Rename Root Volume Group (VG) on Linux Server

This walk-through worked on a virtual server running RHEL 6.7 in a VMware environment.

As I rebuilt an existing VMware guest that was being scheduled to go into production, I realized I did not rename the default volume group from vg_hostname to rootvg.

You must be root user and it is extremely important to backup the files below. It’s also important to know how to boot up in rescue mode with other boot media in the event there was a typo or other unforeseen issue.

Backup fstab file

cp /etc/fstab /etc/fstab.orig

Backup grub.conf file

cp /boot/grub/grub.conf /boot/grub/grub.conf.orig

Rename volume group

vgrename /dev/vg_OLDname /dev/rootvg

Change all instances of the old volume group in the following files:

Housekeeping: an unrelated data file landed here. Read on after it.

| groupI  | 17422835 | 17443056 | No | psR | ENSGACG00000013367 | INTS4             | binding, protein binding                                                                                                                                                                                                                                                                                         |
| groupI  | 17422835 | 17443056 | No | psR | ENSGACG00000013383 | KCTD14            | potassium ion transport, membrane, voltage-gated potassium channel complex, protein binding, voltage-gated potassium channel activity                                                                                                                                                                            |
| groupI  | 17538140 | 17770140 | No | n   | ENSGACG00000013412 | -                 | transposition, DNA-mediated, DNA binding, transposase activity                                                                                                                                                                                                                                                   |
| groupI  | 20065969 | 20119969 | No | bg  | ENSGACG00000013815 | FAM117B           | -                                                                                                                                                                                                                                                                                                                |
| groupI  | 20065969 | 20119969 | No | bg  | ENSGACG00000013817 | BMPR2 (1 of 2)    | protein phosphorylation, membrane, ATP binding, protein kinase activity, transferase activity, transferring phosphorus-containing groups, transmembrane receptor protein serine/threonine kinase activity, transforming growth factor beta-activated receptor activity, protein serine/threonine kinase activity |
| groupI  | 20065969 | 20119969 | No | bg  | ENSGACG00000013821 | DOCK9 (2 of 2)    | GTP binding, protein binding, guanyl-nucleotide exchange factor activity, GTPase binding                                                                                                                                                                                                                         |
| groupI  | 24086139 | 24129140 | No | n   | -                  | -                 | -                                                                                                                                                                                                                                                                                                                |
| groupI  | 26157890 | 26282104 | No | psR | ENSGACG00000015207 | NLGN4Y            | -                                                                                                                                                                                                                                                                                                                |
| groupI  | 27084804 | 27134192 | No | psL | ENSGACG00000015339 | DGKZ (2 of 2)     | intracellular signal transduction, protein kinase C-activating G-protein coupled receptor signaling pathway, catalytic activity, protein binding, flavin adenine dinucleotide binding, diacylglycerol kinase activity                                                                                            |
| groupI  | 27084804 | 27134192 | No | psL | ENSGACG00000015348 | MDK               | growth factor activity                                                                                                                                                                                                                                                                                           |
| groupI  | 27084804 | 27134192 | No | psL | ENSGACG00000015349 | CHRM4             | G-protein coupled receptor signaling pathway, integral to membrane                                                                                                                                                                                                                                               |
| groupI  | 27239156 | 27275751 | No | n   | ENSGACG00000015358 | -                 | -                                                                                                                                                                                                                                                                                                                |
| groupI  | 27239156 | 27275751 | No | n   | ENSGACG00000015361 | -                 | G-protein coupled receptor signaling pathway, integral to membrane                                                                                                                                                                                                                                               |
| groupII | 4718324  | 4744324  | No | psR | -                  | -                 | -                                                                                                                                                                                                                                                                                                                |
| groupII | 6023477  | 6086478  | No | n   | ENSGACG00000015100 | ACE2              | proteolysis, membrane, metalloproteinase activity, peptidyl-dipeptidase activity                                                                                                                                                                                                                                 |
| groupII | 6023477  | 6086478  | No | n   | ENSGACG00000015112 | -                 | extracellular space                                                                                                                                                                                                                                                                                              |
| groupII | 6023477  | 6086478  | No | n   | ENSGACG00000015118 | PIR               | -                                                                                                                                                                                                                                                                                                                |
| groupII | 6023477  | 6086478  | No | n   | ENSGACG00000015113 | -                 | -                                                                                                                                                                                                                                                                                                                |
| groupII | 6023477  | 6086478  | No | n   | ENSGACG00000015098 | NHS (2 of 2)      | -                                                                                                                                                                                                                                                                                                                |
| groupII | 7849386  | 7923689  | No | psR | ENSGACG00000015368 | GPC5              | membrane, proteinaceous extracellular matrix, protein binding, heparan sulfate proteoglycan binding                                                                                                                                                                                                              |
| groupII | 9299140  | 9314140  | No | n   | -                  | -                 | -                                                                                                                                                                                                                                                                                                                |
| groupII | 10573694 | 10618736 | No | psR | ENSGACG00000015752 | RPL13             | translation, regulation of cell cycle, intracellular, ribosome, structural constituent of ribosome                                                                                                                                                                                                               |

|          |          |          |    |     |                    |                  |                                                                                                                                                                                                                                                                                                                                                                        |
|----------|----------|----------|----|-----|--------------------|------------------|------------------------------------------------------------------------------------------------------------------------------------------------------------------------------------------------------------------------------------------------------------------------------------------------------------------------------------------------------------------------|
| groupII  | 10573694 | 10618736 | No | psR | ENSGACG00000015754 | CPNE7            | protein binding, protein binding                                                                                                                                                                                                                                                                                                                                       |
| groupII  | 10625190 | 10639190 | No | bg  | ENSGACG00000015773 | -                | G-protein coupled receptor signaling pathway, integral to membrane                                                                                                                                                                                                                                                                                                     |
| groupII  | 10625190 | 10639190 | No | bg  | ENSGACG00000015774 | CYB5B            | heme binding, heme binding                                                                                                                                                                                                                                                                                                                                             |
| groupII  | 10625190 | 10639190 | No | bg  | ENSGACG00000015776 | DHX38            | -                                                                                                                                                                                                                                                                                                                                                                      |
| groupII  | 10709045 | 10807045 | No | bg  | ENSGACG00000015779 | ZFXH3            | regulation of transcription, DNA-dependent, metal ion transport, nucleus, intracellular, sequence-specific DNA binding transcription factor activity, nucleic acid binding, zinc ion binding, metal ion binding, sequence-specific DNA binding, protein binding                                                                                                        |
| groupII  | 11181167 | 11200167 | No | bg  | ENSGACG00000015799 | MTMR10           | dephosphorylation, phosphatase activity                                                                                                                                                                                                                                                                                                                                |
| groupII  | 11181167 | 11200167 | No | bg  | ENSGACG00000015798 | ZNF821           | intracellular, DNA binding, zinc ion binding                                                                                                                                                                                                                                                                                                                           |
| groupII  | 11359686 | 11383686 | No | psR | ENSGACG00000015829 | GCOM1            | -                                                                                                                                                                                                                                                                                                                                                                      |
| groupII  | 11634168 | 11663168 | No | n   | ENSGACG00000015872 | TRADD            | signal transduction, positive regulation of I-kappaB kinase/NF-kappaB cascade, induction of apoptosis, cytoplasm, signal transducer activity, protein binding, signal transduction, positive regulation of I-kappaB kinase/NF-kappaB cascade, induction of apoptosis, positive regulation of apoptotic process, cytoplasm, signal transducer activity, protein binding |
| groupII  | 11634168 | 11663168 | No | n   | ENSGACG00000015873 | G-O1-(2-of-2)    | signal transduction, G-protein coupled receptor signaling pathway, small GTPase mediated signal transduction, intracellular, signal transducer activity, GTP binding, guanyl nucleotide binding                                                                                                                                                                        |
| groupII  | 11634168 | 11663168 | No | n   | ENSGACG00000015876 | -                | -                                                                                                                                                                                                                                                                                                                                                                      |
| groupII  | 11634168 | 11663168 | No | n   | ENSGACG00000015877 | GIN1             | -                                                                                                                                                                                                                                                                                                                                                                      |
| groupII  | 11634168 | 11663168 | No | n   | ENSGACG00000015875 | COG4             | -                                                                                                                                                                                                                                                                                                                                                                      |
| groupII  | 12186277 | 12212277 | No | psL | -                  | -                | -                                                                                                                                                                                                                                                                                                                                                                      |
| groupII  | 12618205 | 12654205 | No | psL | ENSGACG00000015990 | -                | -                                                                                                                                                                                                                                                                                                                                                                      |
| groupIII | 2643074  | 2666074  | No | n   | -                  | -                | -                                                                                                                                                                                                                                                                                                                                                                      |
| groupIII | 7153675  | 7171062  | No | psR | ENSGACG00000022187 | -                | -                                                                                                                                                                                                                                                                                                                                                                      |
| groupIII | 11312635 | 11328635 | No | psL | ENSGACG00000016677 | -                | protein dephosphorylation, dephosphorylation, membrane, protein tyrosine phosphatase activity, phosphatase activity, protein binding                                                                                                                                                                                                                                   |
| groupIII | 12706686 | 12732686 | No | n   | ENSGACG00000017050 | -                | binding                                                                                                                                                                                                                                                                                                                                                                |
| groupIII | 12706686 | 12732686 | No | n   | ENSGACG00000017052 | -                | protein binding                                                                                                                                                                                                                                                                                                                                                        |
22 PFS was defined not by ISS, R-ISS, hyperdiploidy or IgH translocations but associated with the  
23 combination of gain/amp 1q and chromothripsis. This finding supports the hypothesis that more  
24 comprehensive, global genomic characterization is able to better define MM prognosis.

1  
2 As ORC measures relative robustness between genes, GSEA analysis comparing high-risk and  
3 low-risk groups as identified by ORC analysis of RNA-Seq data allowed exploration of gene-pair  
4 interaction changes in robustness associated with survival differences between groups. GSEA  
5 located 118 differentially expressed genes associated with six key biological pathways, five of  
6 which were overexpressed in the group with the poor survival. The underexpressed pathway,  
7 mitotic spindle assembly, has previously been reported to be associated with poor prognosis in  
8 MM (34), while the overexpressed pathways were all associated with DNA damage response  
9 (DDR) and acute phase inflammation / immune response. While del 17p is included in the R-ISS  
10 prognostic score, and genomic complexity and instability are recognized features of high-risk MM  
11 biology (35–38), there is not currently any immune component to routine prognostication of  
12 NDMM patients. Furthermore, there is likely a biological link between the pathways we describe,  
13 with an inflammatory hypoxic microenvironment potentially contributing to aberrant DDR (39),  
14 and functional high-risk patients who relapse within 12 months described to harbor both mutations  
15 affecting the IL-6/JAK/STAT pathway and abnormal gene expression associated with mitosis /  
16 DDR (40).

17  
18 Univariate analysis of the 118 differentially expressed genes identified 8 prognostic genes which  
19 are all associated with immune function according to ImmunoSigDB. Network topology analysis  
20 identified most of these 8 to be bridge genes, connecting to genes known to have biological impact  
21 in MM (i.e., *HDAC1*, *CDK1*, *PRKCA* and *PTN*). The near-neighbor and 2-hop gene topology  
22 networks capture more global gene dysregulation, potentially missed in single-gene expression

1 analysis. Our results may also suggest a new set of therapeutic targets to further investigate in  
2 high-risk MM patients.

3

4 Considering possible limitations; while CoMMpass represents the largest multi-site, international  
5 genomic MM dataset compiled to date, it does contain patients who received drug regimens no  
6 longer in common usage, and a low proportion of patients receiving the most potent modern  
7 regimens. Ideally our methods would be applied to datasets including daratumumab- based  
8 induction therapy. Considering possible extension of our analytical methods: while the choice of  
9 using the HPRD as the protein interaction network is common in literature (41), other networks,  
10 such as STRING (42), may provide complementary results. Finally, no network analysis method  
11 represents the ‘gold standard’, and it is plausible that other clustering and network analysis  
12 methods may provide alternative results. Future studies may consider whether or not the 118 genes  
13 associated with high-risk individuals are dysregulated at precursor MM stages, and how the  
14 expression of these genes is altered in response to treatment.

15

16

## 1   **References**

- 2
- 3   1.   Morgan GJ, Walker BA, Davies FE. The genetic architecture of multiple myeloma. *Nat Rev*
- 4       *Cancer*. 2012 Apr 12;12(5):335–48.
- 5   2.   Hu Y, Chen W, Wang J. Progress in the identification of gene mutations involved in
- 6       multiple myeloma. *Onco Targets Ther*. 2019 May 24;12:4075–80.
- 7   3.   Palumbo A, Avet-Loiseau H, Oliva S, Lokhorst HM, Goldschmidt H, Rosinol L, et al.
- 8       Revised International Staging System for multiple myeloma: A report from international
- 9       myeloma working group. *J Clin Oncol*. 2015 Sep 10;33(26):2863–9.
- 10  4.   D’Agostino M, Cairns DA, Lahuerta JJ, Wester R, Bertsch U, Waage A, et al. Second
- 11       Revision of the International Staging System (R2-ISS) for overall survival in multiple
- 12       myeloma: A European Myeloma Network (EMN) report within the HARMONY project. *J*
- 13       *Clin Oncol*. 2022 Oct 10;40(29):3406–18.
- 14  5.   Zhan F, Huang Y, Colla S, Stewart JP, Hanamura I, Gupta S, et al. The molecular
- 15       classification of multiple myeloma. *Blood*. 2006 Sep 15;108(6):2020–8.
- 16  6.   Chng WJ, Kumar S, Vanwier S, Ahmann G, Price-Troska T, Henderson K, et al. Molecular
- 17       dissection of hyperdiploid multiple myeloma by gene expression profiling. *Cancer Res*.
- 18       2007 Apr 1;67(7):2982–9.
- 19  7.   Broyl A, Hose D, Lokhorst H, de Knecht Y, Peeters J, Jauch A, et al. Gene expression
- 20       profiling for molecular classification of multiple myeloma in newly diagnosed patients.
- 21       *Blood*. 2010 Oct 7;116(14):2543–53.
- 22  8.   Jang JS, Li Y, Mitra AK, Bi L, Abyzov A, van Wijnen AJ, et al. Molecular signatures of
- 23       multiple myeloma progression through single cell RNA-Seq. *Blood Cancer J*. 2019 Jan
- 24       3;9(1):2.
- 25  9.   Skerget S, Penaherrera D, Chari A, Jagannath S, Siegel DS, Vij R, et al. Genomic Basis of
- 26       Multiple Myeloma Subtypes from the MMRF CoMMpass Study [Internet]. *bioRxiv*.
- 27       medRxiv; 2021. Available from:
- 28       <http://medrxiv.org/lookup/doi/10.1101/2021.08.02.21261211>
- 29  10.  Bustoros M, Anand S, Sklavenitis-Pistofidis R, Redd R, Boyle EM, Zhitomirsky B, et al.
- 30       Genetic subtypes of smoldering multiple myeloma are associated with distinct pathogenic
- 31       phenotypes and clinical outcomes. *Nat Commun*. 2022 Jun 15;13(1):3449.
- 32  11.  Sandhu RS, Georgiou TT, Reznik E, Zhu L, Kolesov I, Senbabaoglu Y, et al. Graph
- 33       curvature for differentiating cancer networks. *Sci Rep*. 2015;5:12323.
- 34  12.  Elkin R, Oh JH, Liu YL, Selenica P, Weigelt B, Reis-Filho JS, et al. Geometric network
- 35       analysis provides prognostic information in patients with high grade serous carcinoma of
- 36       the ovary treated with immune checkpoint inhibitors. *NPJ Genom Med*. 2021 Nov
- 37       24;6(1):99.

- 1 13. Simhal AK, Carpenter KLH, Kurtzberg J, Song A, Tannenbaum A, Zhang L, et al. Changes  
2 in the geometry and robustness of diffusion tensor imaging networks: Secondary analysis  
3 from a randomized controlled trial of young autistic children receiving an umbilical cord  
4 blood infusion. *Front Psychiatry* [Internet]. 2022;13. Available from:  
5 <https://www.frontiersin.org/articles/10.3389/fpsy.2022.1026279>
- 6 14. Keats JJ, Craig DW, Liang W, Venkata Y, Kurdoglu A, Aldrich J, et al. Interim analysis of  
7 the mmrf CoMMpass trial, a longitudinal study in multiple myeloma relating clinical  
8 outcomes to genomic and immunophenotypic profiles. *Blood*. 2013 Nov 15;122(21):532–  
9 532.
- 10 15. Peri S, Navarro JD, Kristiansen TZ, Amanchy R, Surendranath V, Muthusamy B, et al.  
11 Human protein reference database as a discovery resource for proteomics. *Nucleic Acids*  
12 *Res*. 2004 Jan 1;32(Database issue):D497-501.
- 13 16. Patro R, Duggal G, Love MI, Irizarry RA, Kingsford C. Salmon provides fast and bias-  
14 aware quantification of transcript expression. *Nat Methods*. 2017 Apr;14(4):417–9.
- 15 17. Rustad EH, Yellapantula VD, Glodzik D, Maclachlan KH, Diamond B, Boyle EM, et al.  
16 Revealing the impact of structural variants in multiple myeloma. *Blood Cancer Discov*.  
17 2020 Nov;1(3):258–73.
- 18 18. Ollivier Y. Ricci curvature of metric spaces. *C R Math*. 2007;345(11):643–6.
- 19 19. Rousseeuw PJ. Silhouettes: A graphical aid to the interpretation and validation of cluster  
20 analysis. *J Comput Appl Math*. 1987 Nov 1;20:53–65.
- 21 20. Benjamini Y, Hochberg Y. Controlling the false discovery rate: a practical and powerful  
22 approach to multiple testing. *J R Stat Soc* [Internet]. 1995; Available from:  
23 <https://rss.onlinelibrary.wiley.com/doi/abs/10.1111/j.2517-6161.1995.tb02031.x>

Edit /etc/grub.conf (which is a symbolic link to /boot/grub/grub.conf)

vim /etc/grub.conf

Search and replace


Edit fstab file

vim /etc/fstab

Search and replace


Move boot image

mv /boot/initramfs-$(uname -r).img /boot/initramfs-$(uname -r).img.backup
dracut -v /boot/initramfs-$(uname -r).img $(uname -r)

Verify your work

If your system comes back up, you are golden. If it does not…


Get Process Count on Linux

The first part is to identify the PPID. I used this command to get my PPID for the mysql user:

# ps -A -mPl | grep mysql


I then used this command to get the total count for all child processes for the given PPID for the mysql user:

# ps -elm|grep 902|grep -v grep |wc -l




If you want to get a count of ALL processes, use the following command:

#  ps -elm|wc -l




Kevin is putting a script together that will collect these counts periodically. One of us will post it to the article when tested and complete.